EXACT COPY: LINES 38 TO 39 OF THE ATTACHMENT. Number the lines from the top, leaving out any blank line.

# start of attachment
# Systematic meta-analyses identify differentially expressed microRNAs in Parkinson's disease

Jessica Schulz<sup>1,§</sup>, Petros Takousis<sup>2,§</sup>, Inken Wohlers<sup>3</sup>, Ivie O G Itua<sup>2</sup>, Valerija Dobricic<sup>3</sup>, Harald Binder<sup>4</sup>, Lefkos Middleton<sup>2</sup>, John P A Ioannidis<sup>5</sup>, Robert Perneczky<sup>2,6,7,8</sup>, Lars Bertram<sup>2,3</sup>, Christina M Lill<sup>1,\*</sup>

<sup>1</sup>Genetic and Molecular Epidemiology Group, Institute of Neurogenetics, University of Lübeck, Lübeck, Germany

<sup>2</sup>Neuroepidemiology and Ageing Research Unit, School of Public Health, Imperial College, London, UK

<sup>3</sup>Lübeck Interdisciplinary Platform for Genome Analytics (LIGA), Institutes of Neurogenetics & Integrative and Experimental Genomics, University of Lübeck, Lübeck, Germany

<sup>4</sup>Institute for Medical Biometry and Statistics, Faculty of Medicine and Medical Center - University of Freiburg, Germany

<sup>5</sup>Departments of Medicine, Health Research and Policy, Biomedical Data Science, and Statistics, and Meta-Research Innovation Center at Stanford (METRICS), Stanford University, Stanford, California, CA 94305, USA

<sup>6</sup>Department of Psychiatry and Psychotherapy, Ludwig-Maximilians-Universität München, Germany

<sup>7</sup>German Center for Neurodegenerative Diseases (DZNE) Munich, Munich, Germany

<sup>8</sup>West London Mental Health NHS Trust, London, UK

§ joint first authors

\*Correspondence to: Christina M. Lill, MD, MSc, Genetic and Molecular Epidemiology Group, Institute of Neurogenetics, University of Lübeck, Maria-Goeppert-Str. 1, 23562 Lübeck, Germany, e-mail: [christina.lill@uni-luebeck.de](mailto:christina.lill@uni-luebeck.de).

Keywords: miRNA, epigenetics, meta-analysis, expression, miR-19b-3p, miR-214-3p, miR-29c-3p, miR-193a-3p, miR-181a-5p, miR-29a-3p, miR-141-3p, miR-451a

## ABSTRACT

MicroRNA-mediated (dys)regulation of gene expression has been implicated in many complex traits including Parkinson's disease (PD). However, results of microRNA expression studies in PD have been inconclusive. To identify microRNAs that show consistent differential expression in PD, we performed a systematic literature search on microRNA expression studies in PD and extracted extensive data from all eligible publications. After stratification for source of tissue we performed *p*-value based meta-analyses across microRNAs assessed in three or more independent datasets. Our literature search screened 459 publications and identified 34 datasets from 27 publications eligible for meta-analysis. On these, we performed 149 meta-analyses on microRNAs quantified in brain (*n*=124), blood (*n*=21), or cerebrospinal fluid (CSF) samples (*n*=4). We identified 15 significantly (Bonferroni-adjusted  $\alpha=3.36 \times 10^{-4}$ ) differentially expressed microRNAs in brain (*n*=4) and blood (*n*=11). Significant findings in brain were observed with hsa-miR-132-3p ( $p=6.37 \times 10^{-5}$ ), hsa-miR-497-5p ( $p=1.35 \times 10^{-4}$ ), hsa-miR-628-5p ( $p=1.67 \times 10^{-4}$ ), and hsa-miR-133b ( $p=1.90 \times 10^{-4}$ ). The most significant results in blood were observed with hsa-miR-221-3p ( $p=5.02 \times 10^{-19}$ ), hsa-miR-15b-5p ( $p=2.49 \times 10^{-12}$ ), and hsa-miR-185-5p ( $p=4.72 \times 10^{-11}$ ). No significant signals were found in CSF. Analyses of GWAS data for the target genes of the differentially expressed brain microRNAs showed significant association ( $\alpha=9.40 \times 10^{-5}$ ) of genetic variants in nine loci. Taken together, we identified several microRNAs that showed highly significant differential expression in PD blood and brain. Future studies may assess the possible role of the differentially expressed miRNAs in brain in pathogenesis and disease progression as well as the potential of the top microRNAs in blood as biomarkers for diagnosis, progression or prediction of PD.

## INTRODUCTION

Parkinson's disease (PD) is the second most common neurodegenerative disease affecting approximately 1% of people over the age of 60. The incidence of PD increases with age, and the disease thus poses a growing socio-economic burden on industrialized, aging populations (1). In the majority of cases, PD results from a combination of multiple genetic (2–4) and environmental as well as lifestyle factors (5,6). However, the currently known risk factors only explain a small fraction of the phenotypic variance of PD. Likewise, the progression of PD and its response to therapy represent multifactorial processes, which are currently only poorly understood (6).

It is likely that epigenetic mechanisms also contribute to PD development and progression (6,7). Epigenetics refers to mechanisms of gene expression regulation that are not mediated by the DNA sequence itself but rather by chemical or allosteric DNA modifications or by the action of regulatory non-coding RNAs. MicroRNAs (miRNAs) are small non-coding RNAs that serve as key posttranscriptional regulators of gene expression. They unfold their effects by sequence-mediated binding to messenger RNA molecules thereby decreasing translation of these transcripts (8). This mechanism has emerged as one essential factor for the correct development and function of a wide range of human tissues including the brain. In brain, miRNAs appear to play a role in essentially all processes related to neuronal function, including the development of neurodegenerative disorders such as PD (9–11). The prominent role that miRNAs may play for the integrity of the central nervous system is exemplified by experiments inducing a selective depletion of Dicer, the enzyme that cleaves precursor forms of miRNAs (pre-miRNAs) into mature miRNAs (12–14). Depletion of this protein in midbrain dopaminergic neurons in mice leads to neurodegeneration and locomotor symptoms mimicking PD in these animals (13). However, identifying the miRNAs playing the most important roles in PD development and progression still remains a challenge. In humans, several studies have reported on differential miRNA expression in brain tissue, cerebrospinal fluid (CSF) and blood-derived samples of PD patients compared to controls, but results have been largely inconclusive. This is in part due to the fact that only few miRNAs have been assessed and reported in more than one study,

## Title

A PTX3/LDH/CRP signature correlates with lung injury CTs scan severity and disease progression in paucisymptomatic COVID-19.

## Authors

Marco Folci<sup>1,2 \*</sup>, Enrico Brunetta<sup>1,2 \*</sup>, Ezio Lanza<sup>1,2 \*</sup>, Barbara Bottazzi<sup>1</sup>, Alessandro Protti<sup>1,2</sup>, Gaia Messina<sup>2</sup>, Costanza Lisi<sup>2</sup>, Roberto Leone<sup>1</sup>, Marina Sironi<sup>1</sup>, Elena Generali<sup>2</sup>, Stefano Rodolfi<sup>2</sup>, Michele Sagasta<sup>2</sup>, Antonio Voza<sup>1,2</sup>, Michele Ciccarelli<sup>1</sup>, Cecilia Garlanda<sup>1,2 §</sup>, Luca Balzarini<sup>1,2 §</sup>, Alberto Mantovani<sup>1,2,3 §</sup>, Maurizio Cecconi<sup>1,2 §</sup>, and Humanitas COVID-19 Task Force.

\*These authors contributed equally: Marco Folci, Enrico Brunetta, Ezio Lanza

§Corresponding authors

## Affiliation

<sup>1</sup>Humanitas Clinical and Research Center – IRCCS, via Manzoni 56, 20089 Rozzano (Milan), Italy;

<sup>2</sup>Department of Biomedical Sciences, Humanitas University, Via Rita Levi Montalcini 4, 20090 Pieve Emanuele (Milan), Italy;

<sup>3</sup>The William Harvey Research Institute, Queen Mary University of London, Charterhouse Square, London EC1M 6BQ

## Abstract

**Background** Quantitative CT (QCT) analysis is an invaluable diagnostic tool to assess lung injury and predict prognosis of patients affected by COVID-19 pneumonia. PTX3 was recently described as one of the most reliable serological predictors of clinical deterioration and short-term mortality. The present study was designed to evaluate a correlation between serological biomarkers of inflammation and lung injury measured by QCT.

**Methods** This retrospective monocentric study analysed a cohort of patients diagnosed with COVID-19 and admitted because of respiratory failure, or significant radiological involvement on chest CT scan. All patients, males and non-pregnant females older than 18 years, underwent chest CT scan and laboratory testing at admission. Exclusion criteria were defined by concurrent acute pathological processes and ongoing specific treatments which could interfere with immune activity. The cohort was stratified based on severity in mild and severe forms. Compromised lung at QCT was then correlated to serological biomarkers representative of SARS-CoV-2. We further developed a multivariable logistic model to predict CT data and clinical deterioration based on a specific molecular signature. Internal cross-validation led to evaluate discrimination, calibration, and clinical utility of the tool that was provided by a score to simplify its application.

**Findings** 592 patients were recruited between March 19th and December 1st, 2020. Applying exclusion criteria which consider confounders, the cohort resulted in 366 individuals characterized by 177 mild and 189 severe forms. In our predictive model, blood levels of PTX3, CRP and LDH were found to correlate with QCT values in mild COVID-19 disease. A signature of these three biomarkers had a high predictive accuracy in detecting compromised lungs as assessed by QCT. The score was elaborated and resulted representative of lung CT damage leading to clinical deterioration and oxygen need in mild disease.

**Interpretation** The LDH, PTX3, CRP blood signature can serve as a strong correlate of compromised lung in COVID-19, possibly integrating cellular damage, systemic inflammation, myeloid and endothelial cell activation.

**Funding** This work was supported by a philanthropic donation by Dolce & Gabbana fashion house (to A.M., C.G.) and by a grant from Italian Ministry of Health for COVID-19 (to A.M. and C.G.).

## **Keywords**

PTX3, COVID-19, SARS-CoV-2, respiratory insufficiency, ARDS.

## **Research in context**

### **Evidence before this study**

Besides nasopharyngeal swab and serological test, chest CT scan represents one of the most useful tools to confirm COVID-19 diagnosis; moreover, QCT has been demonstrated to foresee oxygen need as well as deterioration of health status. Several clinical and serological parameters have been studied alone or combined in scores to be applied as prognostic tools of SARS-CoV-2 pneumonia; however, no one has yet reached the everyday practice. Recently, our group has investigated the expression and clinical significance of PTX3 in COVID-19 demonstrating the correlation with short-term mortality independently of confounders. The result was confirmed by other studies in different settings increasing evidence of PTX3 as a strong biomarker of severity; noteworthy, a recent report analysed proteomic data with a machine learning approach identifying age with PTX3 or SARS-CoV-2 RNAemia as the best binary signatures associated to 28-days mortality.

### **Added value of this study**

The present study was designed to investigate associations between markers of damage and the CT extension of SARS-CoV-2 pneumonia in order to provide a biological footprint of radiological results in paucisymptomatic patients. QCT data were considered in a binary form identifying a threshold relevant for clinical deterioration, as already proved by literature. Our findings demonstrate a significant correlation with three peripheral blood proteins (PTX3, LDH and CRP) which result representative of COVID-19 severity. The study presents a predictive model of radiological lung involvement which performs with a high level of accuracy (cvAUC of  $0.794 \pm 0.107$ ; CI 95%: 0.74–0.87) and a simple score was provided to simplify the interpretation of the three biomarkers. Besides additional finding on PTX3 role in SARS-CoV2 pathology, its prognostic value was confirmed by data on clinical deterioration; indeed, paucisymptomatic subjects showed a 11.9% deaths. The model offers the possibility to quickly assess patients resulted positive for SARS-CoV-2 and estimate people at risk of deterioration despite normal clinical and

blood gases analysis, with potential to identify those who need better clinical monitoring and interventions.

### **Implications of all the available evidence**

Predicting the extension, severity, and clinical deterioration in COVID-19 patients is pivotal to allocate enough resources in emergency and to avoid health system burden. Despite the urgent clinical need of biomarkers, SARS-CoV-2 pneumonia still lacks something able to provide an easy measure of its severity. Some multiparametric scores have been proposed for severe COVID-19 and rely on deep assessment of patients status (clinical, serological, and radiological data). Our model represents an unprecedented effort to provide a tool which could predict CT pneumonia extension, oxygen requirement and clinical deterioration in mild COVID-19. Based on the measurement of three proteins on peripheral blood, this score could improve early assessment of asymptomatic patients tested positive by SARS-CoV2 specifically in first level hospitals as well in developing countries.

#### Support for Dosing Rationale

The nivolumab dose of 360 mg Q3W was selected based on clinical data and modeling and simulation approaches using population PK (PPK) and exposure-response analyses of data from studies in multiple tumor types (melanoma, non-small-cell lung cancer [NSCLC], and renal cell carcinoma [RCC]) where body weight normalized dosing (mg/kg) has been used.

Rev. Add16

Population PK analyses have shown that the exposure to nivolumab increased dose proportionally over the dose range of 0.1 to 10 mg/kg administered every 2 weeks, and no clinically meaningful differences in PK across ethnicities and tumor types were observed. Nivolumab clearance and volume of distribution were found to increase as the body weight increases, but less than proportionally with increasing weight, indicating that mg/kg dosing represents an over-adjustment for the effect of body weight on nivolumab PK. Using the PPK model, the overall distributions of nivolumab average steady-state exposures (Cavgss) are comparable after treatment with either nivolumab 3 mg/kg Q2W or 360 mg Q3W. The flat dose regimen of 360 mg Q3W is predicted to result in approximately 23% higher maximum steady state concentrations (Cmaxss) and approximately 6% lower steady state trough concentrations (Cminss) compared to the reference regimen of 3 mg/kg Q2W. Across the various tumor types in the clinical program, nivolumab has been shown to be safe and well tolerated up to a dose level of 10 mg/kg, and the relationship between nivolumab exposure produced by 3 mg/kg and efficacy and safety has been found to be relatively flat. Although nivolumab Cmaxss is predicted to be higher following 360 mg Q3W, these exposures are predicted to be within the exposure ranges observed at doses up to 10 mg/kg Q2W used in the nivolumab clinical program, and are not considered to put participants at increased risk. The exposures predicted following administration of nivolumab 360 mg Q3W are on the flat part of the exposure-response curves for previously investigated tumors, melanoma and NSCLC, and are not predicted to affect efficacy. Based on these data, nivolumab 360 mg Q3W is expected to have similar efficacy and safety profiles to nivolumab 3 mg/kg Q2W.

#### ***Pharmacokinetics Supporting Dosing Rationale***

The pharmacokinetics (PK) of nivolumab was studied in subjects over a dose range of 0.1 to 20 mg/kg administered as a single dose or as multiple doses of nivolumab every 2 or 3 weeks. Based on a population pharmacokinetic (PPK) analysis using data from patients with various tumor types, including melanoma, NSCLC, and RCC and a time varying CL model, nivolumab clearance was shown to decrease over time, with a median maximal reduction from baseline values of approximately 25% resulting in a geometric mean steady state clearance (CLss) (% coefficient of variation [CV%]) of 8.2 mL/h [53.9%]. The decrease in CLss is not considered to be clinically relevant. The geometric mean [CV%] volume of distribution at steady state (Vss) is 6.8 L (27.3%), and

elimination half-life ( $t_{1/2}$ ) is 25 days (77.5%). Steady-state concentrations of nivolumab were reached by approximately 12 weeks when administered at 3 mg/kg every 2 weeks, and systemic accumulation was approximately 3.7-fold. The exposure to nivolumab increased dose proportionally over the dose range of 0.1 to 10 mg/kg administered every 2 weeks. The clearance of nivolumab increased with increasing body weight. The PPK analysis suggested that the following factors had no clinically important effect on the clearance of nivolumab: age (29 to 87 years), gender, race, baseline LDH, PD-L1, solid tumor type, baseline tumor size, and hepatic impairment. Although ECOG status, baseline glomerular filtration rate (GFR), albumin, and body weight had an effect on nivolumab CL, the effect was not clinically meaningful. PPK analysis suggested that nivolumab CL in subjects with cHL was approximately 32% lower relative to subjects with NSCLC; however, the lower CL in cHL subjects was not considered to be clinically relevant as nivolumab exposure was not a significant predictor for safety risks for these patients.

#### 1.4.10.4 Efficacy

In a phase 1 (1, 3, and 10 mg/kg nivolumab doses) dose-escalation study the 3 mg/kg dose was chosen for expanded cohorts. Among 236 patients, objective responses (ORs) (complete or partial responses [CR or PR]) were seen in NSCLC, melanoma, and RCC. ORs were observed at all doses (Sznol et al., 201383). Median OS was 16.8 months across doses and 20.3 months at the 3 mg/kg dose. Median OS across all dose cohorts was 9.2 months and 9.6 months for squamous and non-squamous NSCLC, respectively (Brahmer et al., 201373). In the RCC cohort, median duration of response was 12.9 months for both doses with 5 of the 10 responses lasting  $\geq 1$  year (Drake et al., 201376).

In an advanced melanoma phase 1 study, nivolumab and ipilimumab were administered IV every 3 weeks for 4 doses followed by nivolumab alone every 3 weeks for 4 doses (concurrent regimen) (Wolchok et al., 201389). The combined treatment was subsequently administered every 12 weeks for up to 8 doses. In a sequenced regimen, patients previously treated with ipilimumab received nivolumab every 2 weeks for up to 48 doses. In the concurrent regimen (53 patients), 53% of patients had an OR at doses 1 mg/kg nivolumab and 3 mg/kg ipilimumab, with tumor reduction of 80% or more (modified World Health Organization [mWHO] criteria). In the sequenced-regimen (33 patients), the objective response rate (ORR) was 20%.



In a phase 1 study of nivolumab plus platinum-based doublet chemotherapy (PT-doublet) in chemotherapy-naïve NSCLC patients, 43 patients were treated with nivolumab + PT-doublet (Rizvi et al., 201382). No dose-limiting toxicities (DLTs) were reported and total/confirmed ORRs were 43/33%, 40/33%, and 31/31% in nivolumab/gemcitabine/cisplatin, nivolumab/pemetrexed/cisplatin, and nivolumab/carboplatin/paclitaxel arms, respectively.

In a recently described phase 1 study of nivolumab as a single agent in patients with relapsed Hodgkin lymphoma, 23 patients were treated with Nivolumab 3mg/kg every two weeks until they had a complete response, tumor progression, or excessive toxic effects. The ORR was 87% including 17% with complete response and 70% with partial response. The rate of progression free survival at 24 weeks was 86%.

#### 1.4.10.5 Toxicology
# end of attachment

### **Evidence before this study**

Besides nasopharyngeal swab and serological test, chest CT scan represents one of the most useful tools to confirm COVID-19 diagnosis; moreover, QCT has been demonstrated to foresee oxygen need as well as deterioration of health status. Several clinical and serological parameters have been studied alone or combined in scores to be applied as prognostic tools of SARS-CoV-2 pneumonia; however, no one has yet reached the everyday practice. Recently, our group has investigated the expression and clinical significance of PTX3 in COVID-19 demonstrating the correlation with short-term mortality independently of confounders. The result was confirmed by other studies in different settings increasing evidence of PTX3 as a strong biomarker of severity; noteworthy, a recent report analysed proteomic data with a machine learning approach identifying age with PTX3 or SARS-CoV-2 RNAemia as the best binary signatures associated to 28-days mortality.